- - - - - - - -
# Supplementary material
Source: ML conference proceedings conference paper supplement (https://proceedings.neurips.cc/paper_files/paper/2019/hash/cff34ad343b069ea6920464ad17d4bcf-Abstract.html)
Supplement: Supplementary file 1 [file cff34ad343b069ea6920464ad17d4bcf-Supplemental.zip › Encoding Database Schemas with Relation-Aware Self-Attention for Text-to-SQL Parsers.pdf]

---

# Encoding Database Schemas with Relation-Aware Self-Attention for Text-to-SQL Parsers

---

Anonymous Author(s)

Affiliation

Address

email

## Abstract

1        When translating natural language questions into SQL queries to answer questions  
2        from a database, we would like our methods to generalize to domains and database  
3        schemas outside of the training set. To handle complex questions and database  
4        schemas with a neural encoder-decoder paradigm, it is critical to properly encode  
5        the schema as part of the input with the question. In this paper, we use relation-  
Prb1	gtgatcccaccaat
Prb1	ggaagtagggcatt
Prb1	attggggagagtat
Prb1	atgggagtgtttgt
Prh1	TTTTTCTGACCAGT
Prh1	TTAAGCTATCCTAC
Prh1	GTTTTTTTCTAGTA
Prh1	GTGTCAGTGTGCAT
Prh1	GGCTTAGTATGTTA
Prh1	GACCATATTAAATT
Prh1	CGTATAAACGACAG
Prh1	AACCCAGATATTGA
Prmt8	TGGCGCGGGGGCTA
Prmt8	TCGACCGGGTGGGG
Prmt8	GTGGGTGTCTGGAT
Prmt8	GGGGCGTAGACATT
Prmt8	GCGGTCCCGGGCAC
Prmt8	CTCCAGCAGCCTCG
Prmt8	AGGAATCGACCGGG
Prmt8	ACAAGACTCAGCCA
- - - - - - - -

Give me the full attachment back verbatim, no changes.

# Supplementary material
Source: ML conference proceedings conference paper supplement (https://proceedings.neurips.cc/paper_files/paper/2019/hash/cff34ad343b069ea6920464ad17d4bcf-Abstract.html)
Supplement: Supplementary file 1 [file cff34ad343b069ea6920464ad17d4bcf-Supplemental.zip › Encoding Database Schemas with Relation-Aware Self-Attention for Text-to-SQL Parsers.pdf]

---

# Encoding Database Schemas with Relation-Aware Self-Attention for Text-to-SQL Parsers

---

Anonymous Author(s)

Affiliation

Address

email

## Abstract

1        When translating natural language questions into SQL queries to answer questions  
2        from a database, we would like our methods to generalize to domains and database  
3        schemas outside of the training set. To handle complex questions and database  
4        schemas with a neural encoder-decoder paradigm, it is critical to properly encode  
5        the schema as part of the input with the question. In this paper, we use relation-  
Prb1	gtgatcccaccaat
Prb1	ggaagtagggcatt
Prb1	attggggagagtat
Prb1	atgggagtgtttgt
Prh1	TTTTTCTGACCAGT
Prh1	TTAAGCTATCCTAC
Prh1	GTTTTTTTCTAGTA
Prh1	GTGTCAGTGTGCAT
Prh1	GGCTTAGTATGTTA
Prh1	GACCATATTAAATT
Prh1	CGTATAAACGACAG
Prh1	AACCCAGATATTGA
Prmt8	TGGCGCGGGGGCTA
Prmt8	TCGACCGGGTGGGG
Prmt8	GTGGGTGTCTGGAT
Prmt8	GGGGCGTAGACATT
Prmt8	GCGGTCCCGGGCAC
Prmt8	CTCCAGCAGCCTCG
Prmt8	AGGAATCGACCGGG
Prmt8	ACAAGACTCAGCCA